3.6 Chapter Glossary

Chapter Glossary
Act Utilitarianism A form of determining future pleasure one case at a time using Bentham’s Hedonic Calculus. See also: Rule Utilitarianism.
Categorical Imperative According to Kant, an ought or duty that is mandatory and universal is to be held by all human beings.
Consequentialism Those objective ethical theories that say the rightness or wrongness of an action depends upon its estimated effects or consequences for oneself or others; these include Utilitarianism and Ethical Egoism.
Conventional Ethical Relativism The belief that each culture or group should devise its own set of rules and standards that apply to that culture alone; also known as Cultural Relativism.
Deontological Ethics Theories that maintain that ethical evaluations are rooted somehow in the action or some feature of the action which would result in a duty or obligation and not in consequences; these include Kantian Ethics and Natural Law ethics.
Descriptive Ethics Also known as comparative ethics, this is the study of people’s beliefs about morality. It contrasts with normative ethics, which is the study of ethical theories that prescribe how people ought to act, and with meta-ethics, which is the study of what ethical terms and theories actually refer to.
Descriptive Relativism The observation that moralities and ethical codes are radically different across cultures.
Divine Command Theory The idea that morality comes from a divine will.
Duty According to Kant, the obligation of all to act morally and in accordance with the good will.
Ethical Absolutism The claim that there are a universal set of rules that all humans must follow regardless of cultural or personal opinion.
Ethical Objectivism The claim that though there may not be universal practices or norms that apply to all humans, there are some universal moral principles-—tools of reason that we can use to determine moral choices—-that are common to and understandable to all human beings regardless of culture.
Ethical Relativism The belief that there are no such things as objective or universal moral standards or principles that transcend cultures, religions or individual opinion, but that all moral claims are relative to the person or groups espousing them and apply only to them.
Ethics The philosophical exploration of morality, its motives, its sources.
Eudaimonia The ancient Greek notion of human flourishing, the highest state of happiness and well-being the human can attain.
Euthyphro dilemma The question of whether God/religion decides what is good or simply recognizes what is good.
Glaucon Socrates’ student who questioned why we should be moral by narrating the Ring of Gyges tale.
Golden Mean According to Aristotle, attaining a balance between the moral extremes of deficiency of virtue and excess of virtue.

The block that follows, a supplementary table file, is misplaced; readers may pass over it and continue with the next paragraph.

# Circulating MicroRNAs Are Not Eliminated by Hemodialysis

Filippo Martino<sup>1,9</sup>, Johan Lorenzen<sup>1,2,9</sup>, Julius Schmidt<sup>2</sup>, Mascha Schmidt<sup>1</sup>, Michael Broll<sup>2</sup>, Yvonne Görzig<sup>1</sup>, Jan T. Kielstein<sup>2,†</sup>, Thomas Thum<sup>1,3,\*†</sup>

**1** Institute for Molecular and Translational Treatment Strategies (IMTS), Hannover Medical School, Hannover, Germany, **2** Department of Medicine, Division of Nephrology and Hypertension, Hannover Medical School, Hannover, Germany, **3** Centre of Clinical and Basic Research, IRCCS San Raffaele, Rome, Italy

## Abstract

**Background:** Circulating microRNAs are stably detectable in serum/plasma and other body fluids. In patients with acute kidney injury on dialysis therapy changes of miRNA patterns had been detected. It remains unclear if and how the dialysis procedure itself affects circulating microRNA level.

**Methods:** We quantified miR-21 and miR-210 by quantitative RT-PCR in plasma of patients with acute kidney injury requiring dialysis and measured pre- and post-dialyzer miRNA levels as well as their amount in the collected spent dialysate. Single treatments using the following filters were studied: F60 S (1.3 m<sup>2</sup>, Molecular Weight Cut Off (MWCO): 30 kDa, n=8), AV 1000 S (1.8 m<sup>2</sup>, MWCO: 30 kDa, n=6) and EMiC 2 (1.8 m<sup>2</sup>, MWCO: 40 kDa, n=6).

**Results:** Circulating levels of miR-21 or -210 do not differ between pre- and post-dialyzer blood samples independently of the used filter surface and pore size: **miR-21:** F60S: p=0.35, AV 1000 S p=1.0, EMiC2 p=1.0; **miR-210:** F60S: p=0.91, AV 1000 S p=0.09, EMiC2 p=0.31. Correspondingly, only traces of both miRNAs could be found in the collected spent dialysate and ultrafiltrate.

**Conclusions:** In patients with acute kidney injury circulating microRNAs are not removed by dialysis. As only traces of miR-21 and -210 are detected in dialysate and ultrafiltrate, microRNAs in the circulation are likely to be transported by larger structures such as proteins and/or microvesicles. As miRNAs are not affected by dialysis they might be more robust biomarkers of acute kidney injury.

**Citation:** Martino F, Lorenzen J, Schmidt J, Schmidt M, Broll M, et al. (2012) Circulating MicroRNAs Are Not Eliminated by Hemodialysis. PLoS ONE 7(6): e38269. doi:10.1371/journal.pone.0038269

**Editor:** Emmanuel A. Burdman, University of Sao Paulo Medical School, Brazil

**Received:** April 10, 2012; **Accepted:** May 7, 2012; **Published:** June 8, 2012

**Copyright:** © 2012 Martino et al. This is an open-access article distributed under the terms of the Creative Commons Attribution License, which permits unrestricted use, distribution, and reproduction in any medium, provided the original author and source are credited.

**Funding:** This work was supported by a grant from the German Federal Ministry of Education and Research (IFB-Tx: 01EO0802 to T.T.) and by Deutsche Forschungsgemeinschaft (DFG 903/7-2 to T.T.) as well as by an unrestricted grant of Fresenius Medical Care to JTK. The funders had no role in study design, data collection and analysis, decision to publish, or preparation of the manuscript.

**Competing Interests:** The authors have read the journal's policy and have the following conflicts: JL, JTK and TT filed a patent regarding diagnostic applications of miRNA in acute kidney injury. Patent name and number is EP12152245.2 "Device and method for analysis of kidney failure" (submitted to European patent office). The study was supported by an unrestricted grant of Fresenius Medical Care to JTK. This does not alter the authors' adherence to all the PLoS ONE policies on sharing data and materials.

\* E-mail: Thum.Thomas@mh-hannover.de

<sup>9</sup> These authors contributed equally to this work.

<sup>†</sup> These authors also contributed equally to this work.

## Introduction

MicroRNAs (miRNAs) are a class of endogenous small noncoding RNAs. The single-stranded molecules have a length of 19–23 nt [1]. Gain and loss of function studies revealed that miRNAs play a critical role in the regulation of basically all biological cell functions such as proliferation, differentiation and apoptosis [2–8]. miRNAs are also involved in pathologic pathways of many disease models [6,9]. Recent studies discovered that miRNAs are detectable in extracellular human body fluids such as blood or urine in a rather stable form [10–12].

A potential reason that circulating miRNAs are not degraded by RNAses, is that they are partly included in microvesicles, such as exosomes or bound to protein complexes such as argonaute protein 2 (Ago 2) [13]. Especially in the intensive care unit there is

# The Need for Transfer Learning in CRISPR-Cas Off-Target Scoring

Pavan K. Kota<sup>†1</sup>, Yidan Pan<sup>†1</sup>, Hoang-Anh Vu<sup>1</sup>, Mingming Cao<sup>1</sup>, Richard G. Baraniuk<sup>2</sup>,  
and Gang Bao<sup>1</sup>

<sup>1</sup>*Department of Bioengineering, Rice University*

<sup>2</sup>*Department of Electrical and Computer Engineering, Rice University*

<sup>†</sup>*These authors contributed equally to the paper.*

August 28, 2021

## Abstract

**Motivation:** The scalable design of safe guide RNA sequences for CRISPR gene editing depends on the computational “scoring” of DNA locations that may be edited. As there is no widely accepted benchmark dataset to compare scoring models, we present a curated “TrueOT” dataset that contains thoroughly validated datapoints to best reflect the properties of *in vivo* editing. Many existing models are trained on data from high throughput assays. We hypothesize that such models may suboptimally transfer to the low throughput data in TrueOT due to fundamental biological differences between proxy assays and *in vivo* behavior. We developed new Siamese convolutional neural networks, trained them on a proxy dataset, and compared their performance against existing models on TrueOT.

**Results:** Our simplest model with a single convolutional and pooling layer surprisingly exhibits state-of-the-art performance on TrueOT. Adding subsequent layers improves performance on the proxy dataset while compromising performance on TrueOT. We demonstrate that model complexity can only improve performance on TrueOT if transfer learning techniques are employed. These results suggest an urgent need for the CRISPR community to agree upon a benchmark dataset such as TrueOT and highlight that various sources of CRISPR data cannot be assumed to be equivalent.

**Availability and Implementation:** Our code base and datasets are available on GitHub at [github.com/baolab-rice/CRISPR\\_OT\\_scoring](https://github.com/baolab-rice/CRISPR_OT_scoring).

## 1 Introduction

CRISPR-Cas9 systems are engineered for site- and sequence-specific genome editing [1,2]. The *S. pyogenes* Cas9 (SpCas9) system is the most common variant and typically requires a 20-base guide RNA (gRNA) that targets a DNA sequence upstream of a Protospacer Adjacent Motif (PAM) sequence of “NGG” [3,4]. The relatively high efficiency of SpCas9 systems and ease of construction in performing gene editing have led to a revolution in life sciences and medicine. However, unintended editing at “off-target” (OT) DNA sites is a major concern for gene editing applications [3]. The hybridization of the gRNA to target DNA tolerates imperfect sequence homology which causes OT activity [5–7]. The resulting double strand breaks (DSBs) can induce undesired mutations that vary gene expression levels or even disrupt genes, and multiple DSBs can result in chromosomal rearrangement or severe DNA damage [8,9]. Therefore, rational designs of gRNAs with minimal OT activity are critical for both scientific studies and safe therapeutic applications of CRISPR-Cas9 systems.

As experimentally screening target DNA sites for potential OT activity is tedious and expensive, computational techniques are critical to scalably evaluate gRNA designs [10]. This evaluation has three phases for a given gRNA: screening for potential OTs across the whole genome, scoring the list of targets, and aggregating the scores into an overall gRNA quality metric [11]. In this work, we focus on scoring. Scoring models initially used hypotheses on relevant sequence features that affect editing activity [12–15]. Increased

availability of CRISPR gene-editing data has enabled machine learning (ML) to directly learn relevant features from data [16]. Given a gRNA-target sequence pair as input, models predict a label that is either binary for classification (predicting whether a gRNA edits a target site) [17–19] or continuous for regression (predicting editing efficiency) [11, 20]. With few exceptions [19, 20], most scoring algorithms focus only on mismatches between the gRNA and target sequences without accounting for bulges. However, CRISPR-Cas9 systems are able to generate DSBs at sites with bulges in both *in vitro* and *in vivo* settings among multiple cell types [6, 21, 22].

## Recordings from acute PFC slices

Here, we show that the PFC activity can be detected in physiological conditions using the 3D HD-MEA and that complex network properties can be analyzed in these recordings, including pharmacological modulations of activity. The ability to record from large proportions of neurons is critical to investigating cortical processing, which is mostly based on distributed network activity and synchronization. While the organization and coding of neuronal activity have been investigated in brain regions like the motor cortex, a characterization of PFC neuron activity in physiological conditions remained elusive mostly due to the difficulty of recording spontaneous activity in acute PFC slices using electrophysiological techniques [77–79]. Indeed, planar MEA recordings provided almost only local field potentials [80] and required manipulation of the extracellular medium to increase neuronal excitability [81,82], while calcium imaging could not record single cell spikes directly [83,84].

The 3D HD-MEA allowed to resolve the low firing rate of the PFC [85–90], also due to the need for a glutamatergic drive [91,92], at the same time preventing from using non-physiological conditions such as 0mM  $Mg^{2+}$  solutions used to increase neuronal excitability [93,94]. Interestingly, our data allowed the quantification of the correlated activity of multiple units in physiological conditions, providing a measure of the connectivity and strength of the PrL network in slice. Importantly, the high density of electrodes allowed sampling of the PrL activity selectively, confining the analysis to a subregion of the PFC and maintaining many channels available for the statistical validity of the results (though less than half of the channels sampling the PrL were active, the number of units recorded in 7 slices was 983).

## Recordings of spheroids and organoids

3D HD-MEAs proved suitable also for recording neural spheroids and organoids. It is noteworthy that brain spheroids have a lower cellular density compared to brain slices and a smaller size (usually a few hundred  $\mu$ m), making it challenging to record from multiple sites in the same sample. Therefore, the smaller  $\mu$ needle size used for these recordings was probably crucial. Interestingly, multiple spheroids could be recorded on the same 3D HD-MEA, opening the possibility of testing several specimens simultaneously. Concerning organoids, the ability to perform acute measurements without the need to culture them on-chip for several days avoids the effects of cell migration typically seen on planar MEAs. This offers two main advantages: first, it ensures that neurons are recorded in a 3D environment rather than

Good Will For Kant, the only motive worthy of morality, the desire to do the right thing.
Gyges The shepherd in Glaucon’s tale who discovers a ring of invisibility and uses it to cheat his way to wealth and power.
Hedonism The philosophy that says that physical pleasure is the greatest human good.
Hypothetical Imperative According to Kant, an ought that is optional and particular to one individual.
Maxim A fundamental rule of conduct for all.
Meta-ethical Relativism That moral truths are actually only true relative to specific groups of people.
Meta-ethics The study of the nature, scope, and meaning of moral judgment; one of the three branches of ethics.
Moral Anti-Realism The position that there are no mind-independent facts about morality; morality can be constructed or is merely relative to culture.
Moral Law For Kant, an inner, rational sense of obligation to which our will often responds.
Moral Realism The position that there are mind-independent facts about ethics that are true and binding even if we have beliefs to the contrary.
Normative Ethics The study of ethical behavior and is the branch of philosophical ethics that investigates the questions that arise regarding how one ought to act, in a moral sense; one of the three branches of ethics.
Normative Relativism The position that no person or culture ought to judge the ethical codes of other cultures as being inferior, nor should any culture intervene in another culture to prevent it from carrying out the specifics of its ethical code.
Objective Ethics Those ethical theories that suggest we should act upon rational principles that are universally understood and objective, not upon individual or cultural opinion.
Principle of Utility The morally right action is the action that produces the most good.” The morally wrong action is the one that leads to the reduction of the maximum good.
Rule Utilitarianism A form of determining the greatest good for the many by implementing general rules rather than determining this on a case-by-case basis. See also: Act Utilitarianism.
Subjective Ethical Relativism The belief that each individual can and should come up with his/her own moral rules and live by them.
Telos The end, destiny or purpose of a thing or person in Greek thought.
Utility See Principle of Utility.
Virtue A trait of character to be sought for its own sake and often extolled by society.


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PPSC PHI 1011: The Philosopher's Quest by Daniel G. Shaw, Ph.D. is licensed under a Creative Commons Attribution-NonCommercial 4.0 International License, except where otherwise noted.

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